Tricia used our support line when she needed someone who understood...
The first time I called the support line I was feeling really low. Val was marvellous. I felt like I was talking to a friend who I’d known for years. She gave me all the answers I needed to hear – that I wasn’t alone, and that what the doctors had told me was right. I knew that really, but I needed to speak to someone who understood what I was saying. I felt so uncertain, and Val really helped me cope with that. I knew that if I ever needed to, I could just pick up the phone to her.
Backwards and forwards
I first noticed my symptoms in February – I was in bed coughing one night and felt a funny sensation in my tummy, a sort of shudder. My period had been hit and miss for a year, but I’d had an ultrasound and everything looked fine. Then I started having real problems with my bowel. Nothing like that had ever happened to me before, so I went to the GP who put me on antibiotics.
That weekend I spotted blood in my pee so I went to A&E, but they only gave me stronger antibiotics. The following week I felt really sick. I went back to the GP and was sent for a transvaginal ultrasound, plus a larger ultrasound on my liver and further up my abdomen. Everything came back clear, but I was still feeling really unwell – I was tired, bloated and constipated.
Eventually I ended up in urgent care at the hospital. They thought I had Crohn’s disease, and I had to wait for a colonoscopy. At this point my condition worsened – I was feeling awful, being passed backwards and forwards between different hospital departments. I couldn’t eat or drink anything and I felt really dehydrated.
Finally a doctor ordered a CT scan, which showed an 8cm tumour on my ovary that was impacting on my bowel. The cancer had also spread to my stomach and omentum. A biopsy revealed that I had stage IIIc ovarian cancer.
I had to wait six weeks for an operation, and during this time I was in really low spirits. As it got closer to the op, my stomach began to swell and I couldn’t breathe. I went back to hospital, where they drained 9 litres of fluid. On the day of the operation I was taken down to the operating room at about 10am and woke up again at 3pm – they had said it would take much longer than this. I was devastated to find out that they hadn’t operated at all, the cancer had spread too far through my abdomen. I thought that meant that they weren’t going to treat me – that nothing could be done and they were just going to send me home.
That’s when I called Val. She really reassured me – she explained my position, and that it had happened to other women before me, that I wasn’t alone. I felt much better afterwards.
It was decided that I would have four rounds of chemotherapy, and after this the doctors would look again. Thankfully, I responded really well to the chemo, and they decided I could have the operation. I was over the moon! I had the operation in November, which cleared most of the cancer, and I then had two more rounds of chemotherapy.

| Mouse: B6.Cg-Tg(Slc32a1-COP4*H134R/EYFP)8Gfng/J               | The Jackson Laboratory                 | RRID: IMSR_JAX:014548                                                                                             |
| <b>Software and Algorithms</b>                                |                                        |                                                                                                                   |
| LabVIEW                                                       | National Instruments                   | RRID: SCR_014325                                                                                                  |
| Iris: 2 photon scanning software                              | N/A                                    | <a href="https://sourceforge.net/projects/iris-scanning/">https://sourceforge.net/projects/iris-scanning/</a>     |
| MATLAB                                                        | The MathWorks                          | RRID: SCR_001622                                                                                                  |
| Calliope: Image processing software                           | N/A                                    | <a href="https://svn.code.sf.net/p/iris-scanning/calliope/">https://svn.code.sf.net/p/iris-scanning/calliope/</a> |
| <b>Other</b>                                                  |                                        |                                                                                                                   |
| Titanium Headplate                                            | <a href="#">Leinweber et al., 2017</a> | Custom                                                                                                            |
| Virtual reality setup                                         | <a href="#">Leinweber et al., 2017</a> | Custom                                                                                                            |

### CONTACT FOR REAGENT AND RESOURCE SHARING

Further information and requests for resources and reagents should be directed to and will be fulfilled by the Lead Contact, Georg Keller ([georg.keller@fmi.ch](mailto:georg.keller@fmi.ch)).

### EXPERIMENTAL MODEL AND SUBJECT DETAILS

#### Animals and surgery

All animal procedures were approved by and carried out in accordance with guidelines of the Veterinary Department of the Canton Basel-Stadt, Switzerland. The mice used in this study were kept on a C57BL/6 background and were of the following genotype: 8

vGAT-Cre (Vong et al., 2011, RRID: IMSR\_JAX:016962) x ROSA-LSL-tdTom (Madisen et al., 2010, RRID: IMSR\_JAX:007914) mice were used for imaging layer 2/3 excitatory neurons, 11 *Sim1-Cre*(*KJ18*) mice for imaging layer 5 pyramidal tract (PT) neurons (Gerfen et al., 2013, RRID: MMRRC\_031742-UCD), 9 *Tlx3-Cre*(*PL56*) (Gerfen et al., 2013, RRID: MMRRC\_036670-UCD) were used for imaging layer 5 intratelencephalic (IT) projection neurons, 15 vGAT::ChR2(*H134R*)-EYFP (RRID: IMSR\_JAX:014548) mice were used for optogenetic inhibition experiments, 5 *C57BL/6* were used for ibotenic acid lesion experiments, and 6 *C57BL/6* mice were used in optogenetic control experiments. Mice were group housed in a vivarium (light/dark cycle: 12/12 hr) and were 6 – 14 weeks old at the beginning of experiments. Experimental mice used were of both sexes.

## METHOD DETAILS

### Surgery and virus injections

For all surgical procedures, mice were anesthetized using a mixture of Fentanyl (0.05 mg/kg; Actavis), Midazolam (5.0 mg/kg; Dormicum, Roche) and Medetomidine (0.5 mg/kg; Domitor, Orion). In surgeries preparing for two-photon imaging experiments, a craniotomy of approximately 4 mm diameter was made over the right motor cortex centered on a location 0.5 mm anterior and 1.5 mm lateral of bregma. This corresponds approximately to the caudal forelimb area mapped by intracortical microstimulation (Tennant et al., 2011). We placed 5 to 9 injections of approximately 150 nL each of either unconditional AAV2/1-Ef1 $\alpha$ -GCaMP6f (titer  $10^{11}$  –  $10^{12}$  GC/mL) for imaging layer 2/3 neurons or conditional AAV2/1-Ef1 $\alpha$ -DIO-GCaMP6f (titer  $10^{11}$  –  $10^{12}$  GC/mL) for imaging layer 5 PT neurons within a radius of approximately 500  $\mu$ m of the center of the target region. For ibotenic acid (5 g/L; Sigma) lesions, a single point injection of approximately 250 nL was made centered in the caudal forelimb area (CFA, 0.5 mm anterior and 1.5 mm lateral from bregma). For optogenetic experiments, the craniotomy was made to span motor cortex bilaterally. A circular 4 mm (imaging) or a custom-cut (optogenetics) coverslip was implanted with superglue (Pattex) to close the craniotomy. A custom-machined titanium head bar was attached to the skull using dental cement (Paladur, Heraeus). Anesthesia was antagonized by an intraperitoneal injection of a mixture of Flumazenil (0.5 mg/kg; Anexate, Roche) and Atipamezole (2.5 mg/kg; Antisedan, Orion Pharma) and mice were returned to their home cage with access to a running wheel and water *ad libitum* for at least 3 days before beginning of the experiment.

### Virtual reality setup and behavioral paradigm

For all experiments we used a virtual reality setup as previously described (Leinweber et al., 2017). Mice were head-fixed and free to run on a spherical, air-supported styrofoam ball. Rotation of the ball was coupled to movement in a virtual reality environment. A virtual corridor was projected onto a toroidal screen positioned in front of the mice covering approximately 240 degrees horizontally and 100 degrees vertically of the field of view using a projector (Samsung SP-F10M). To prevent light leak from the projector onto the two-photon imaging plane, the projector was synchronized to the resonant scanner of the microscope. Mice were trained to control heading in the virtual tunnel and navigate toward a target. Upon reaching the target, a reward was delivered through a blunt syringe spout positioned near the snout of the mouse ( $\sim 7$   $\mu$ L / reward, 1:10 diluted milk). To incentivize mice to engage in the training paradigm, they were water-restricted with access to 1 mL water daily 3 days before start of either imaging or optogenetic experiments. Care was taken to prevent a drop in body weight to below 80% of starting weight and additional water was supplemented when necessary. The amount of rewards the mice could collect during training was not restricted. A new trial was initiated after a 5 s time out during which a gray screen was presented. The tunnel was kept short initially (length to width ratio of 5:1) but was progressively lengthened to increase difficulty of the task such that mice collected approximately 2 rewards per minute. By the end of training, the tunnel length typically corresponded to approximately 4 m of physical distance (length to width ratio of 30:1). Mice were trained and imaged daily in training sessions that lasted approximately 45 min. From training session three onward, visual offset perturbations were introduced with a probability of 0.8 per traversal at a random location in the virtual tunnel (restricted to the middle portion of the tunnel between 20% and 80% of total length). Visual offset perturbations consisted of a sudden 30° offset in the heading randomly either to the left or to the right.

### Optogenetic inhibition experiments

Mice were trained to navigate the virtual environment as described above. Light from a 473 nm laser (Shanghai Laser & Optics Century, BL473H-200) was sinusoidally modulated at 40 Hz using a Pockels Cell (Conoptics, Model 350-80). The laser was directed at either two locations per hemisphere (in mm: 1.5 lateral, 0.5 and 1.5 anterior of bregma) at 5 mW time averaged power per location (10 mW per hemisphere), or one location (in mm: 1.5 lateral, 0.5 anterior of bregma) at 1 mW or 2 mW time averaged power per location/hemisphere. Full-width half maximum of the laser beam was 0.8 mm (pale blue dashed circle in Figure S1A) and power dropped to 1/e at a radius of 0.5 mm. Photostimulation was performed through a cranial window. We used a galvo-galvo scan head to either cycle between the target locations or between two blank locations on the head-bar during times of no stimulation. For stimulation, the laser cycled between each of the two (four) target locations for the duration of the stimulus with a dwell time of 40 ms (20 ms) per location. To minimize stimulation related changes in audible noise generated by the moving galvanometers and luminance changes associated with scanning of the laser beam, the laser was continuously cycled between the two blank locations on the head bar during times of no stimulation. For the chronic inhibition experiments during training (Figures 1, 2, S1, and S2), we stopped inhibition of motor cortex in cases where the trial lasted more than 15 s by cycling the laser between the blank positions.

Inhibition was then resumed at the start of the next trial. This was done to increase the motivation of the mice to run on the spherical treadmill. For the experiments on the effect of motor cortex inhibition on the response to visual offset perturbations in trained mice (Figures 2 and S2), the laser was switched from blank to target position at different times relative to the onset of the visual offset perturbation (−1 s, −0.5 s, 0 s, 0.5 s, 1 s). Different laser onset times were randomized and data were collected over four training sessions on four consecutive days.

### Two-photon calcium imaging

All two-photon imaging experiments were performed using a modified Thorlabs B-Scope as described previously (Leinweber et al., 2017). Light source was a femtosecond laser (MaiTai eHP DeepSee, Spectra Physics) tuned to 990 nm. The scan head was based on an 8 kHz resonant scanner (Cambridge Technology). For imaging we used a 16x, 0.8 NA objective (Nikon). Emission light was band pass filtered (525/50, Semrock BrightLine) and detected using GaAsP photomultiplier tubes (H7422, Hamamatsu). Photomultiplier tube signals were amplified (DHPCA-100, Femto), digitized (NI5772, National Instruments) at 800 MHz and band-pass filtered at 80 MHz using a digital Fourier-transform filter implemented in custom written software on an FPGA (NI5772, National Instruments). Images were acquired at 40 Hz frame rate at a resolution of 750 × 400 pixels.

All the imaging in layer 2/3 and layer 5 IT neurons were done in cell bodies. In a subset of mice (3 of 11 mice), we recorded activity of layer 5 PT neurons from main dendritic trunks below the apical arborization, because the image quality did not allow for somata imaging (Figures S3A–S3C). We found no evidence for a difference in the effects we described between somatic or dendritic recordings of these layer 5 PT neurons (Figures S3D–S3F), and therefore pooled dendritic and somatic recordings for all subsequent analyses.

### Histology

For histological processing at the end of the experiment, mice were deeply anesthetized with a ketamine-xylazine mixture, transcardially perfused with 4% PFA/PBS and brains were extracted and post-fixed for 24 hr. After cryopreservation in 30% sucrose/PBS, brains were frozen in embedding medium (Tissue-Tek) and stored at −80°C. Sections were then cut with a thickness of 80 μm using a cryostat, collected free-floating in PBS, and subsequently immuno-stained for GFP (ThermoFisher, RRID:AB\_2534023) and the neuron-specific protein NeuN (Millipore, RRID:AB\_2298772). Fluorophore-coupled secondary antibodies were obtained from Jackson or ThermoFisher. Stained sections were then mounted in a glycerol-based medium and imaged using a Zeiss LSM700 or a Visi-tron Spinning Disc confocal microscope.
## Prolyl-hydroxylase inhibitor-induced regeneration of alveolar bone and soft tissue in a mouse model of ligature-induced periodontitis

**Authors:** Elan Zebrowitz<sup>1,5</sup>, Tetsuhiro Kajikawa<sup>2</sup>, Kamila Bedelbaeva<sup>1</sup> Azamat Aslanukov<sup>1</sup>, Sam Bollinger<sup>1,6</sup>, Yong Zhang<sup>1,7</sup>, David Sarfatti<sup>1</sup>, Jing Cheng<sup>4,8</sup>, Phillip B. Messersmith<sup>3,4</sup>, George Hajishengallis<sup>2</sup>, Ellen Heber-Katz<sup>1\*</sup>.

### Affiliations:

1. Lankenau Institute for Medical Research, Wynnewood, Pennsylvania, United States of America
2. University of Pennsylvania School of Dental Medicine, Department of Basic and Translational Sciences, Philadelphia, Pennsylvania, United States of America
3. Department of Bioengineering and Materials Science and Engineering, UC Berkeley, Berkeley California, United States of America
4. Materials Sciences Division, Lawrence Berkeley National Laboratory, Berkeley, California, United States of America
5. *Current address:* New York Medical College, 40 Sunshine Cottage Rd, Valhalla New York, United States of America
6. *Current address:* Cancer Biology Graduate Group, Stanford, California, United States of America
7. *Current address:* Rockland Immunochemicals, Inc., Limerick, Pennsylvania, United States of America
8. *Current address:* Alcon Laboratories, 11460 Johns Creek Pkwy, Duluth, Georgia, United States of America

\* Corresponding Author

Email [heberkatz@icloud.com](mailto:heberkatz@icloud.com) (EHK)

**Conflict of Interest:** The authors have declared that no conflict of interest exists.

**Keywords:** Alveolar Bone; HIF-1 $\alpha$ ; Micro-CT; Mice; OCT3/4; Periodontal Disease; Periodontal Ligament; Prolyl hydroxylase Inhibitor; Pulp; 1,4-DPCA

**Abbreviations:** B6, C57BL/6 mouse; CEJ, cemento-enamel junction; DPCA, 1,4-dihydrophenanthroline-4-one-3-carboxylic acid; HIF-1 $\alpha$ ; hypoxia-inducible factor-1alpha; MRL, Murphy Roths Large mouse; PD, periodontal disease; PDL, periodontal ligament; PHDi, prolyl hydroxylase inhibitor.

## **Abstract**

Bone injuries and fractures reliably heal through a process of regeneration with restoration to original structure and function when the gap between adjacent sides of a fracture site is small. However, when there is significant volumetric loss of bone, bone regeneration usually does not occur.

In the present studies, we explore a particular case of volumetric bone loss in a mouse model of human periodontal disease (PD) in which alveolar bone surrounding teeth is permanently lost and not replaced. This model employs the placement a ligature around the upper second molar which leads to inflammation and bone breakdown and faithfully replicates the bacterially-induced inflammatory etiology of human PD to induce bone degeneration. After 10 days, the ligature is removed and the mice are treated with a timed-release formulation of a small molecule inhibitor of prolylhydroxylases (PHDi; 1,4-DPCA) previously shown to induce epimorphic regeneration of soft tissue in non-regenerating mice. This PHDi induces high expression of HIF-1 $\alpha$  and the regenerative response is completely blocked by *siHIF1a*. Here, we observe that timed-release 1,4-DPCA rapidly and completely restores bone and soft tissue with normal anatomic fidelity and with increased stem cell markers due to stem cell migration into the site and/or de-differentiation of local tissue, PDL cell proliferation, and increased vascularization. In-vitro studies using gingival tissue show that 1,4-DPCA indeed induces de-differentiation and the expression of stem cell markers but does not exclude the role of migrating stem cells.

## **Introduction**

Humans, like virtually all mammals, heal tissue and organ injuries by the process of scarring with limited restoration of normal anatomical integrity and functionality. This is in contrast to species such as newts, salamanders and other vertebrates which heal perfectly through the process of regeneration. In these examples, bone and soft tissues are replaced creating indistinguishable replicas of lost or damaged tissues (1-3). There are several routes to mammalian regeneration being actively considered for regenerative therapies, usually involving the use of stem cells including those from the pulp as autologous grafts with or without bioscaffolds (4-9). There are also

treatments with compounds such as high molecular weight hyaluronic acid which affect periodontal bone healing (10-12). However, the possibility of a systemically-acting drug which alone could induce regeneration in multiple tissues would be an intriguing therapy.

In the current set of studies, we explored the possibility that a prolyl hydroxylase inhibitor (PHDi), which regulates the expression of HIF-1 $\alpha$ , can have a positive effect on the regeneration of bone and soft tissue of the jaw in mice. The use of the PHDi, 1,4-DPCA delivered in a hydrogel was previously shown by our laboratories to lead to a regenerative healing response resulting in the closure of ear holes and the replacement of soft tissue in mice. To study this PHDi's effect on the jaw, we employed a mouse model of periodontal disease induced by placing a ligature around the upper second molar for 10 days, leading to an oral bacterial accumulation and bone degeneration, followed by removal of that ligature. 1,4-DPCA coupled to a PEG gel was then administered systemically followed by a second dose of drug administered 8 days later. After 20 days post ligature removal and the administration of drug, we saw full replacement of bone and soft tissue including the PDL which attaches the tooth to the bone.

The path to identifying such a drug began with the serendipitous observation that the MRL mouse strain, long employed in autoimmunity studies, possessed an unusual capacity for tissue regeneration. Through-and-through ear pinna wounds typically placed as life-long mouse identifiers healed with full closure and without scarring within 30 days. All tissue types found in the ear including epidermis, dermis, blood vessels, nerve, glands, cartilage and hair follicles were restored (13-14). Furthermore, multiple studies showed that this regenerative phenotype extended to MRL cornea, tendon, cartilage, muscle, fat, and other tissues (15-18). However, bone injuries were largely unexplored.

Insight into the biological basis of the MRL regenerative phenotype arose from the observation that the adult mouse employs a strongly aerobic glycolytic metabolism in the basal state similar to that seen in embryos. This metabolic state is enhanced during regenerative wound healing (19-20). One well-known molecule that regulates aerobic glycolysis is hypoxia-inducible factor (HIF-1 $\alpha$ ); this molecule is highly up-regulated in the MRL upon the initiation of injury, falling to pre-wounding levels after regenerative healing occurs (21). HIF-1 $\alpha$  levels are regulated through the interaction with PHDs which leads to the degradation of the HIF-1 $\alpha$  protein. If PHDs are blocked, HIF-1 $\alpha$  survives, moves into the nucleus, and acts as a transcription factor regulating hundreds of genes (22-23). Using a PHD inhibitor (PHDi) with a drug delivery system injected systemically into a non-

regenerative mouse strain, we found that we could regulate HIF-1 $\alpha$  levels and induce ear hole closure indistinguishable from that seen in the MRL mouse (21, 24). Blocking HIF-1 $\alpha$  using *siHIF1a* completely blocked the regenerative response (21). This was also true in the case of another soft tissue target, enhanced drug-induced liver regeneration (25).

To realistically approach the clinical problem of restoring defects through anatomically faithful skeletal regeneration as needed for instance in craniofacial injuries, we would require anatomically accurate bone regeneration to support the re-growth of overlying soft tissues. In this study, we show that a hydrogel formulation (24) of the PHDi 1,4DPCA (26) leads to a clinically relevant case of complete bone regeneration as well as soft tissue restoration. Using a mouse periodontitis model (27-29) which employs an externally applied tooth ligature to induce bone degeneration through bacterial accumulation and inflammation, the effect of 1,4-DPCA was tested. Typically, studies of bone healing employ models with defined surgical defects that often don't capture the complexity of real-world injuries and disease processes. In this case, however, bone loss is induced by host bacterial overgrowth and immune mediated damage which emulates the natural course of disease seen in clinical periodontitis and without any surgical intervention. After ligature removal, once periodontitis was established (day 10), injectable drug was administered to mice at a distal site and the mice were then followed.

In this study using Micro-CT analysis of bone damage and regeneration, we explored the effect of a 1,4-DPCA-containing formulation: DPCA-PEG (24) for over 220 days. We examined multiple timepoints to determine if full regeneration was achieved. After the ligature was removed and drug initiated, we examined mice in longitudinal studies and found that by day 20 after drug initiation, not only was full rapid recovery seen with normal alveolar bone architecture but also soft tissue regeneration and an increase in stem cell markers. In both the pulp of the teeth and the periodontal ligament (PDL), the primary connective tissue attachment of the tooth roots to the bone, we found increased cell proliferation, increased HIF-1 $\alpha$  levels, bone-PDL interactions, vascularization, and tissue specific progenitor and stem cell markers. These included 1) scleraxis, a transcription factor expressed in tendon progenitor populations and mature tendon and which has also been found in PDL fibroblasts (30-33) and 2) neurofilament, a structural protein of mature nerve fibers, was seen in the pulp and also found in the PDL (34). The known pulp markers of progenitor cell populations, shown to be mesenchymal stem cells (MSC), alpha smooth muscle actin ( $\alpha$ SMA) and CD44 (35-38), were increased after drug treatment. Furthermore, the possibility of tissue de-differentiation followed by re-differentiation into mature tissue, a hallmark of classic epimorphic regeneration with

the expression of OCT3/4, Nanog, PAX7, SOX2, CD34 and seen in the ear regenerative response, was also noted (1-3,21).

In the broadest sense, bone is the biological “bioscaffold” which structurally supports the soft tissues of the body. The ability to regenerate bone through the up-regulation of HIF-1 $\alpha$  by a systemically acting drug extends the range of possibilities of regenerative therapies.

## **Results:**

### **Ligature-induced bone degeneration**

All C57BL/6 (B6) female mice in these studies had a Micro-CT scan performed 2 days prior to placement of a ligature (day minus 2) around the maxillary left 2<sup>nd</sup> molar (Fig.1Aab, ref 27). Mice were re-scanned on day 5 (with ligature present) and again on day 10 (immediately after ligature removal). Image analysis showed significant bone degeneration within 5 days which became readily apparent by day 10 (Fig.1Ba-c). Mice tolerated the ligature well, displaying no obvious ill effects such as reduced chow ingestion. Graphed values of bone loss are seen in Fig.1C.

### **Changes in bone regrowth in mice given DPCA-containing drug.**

What do I do now
In January I had a scan that showed no evidence of the disease – I never thought I’d hear that! So then when lockdown was announced and suddenly no one knew what the future held it was a really scary time for me. I was so used to seeing my doctors, and then everything just stopped and I thought ‘what do I do now?’
Then Target Ovarian Cancer started to organise online support events: Q&As, tea and chat, mindfulness sessions. They had all these wonderful things on offer and I thought ‘great, now I can get on with it’. One of the first sessions I attended was talking about recurrence, and it was exactly what I needed because I was going through that at the time.
They also launched the brand new Ovarian Cancer Community, which is an online community for everyone affected by ovarian cancer. I’ve made some new friends through the group and it’s been absolutely wonderful – now I feel that I’ve got somebody to talk to.
The best thing for me has been the support line. The feeling of talking to Val is different from when I speak to my specialists – she’s separate from the hospital team, and she doesn’t know me personally, but she’s there for me. She knew immediately how I was feeling. She has amazing experience working with people with ovarian cancer. I really feel that Target Ovarian Cancer have done an amazing job supporting me, they’re my first port of call now.
My hospital team were incredible, and they do amazing work, but then once you come away you’re sort of left to cope on your own – you might have to wait months before you can see anyone again, and at the moment that might just be a phone call not a face-to-face meeting. With the support line, you might have to leave a message, but they always call you back straight away. To know that you can just ring, and someone will always be there for you at the end of the line – that’s priceless.